Still life, selfie life
With 800 million users and growing, it was perhaps inevitable that Instagram would shake up the art world.
The social photo platform has been accused of fanning a narcissistic selfie culture. But in galleries, research is showing the positive aspects far outweigh the negative. Instagram is changing the way we experience and share visits to exhibitions, and perceive art.
Arts institutions are now actively courting Instagram users. The Museum of Ice Cream in the US is considered one of the most Instagrammed exhibitions, with over 125,000 hashtagged posts. The show included such Insta-friendly displays as giant cherries, suspended bananas, and a rainbow sprinkle pool, inviting the visitor into a colourful space of neatly guided photo opportunities.
The Triennial at the National Gallery of Victoria in Australia features large installations with visitors invited to photograph themselves among them.
Increased visitor photography at galleries and museums has proved controversial at times.
Recently a visitor to Los Angeles popup art gallery The 14th Factory destroyed $200,000 worth of crown sculptures. The sculptures rested on top of a series of plinths, and, while attempting a selfie the visitor fell, knocking the plinths down in a domino-style chain reaction.
In another instance, visitors damaged an 800-year-old coffin at the Prittlewell Priory Museum in the UK. The visitors had lifted a child over a protective barrier into the coffin in pursuit of the perfect photo. Their actions caused the ancient artefact to be knocked off its stand resulting in a large piece of the coffin breaking off.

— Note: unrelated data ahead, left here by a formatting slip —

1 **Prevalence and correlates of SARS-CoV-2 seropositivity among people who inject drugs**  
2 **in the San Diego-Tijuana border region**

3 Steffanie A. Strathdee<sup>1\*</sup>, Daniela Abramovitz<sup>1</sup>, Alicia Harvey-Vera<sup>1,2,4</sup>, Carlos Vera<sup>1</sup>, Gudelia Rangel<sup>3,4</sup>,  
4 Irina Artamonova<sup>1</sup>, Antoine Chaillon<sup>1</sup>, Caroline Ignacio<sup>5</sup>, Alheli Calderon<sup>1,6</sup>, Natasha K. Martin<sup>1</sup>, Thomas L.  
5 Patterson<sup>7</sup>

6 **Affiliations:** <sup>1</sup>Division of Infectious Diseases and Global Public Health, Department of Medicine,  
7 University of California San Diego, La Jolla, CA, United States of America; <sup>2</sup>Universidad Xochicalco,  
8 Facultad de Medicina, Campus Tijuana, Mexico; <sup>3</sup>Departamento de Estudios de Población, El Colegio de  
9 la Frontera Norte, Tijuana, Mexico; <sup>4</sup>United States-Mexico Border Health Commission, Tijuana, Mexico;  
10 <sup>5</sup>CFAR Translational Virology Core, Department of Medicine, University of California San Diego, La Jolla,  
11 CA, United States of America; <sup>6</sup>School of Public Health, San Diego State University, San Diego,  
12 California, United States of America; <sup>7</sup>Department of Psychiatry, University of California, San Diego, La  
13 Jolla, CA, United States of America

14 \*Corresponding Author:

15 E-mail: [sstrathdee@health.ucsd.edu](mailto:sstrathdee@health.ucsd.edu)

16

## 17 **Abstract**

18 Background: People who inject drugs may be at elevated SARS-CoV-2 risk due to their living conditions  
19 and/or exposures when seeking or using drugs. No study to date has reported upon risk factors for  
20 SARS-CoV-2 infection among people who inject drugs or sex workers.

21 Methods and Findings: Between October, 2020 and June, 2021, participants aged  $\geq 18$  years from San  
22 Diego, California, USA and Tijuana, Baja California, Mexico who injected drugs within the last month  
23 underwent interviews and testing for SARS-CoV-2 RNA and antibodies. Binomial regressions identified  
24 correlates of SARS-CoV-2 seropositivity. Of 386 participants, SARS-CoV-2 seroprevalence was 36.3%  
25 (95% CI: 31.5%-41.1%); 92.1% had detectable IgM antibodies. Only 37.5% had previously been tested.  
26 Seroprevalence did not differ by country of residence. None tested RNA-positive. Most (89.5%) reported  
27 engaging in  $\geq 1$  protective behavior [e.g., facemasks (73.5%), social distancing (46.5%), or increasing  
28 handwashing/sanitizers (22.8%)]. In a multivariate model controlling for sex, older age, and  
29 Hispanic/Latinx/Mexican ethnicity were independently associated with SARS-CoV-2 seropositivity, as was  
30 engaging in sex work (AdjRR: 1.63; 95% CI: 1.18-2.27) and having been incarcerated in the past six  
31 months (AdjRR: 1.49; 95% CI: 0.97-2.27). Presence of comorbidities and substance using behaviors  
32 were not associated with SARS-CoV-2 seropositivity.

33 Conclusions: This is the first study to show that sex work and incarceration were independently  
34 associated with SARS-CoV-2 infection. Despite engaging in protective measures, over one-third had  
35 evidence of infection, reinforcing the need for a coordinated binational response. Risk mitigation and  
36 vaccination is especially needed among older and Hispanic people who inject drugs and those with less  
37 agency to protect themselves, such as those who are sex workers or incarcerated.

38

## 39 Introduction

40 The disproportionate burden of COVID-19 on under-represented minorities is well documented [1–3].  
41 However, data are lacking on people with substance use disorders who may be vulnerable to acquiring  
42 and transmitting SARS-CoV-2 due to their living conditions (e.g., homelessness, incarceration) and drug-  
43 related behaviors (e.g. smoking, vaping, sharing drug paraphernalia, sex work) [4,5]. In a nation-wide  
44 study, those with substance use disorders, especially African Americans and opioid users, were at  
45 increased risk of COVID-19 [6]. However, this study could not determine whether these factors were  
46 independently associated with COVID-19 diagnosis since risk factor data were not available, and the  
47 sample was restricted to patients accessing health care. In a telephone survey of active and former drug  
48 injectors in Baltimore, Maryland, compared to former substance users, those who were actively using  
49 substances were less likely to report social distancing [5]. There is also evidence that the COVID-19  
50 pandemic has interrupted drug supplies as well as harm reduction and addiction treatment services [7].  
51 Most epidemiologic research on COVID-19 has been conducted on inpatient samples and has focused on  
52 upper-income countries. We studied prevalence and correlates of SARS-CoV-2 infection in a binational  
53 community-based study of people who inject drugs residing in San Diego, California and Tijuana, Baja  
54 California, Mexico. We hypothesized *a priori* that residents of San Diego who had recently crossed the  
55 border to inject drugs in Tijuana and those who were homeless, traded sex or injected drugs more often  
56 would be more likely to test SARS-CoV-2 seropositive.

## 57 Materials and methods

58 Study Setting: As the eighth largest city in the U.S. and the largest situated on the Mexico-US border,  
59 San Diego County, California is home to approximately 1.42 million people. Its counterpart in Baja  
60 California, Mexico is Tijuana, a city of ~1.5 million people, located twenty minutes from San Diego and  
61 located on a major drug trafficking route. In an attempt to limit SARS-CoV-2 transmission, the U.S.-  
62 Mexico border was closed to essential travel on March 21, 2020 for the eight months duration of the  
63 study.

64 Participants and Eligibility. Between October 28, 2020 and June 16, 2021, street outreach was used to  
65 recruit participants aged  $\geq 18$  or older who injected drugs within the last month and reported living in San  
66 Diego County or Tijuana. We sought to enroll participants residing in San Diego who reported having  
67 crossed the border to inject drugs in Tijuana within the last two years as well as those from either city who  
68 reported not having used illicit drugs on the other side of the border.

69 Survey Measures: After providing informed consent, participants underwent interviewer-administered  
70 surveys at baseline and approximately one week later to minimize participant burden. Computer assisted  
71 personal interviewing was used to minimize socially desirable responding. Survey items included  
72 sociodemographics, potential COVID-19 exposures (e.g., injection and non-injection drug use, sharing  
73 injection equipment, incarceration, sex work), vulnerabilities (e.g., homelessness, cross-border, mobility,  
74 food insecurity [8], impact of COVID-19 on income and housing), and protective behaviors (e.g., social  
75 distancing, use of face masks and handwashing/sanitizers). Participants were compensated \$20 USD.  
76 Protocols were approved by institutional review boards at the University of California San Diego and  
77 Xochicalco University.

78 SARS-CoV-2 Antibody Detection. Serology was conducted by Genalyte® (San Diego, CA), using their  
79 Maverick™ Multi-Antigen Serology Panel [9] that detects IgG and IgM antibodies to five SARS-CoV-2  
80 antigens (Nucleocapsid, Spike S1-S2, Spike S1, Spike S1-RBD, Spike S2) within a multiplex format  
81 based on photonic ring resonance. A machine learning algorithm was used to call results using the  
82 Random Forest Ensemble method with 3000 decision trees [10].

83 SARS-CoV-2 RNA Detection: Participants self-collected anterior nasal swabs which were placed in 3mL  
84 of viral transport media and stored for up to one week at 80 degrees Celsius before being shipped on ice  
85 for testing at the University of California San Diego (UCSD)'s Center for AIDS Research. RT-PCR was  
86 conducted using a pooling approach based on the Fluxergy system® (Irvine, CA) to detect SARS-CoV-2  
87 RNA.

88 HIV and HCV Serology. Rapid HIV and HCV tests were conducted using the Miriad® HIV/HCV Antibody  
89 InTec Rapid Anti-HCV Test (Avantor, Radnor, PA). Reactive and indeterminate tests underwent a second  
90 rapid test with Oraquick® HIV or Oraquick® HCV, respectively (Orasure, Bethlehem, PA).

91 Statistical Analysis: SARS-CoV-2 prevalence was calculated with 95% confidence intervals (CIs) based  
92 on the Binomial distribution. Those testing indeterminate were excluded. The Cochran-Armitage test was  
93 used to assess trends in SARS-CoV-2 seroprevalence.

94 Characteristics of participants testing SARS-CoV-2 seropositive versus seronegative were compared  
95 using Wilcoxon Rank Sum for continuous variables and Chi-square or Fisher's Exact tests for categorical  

Many exhibitions still place restrictions on photography, and most galleries still prohibit selfie sticks. Banning photography because it interferes with the visitor’s experience could be cultural elitism; expressing a view that art can only be appreciated in an orthodox manner.
It also ignores the potential of Instagram to bring a new dimension to artists, curators, exhibition designers and visitors. Recent research at Queensland’s Gallery of Modern Art Gerhard Richter exhibition showed that visitors use Instagram as part of their aesthetic experience.
Another study at the Museum of Applied Arts and Sciences’ Recollect: Shoes exhibition in Sydney found that audiences used Instagram primarily to engage with exhibition content; not by taking selfies.
This finding was echoed in a larger study that focused on Sydney’s Museum of Contemporary Art. Far from the narcissistic selfie-obsessive behaviour, Instagram offers visitors authority and agency in sharing their experience.
As researchers working in this emerging area, we see much value in curators and exhibition designers making use of Instagram to inform how they plan exhibitions. It could help build new audiences and strengthen connections with existing visitors.
While removing all visitor photography restrictions is not possible, visitor expectations and experiences have now changed. The future of cultural institutions needs to include Instagram.
Instagram is changing how we see art.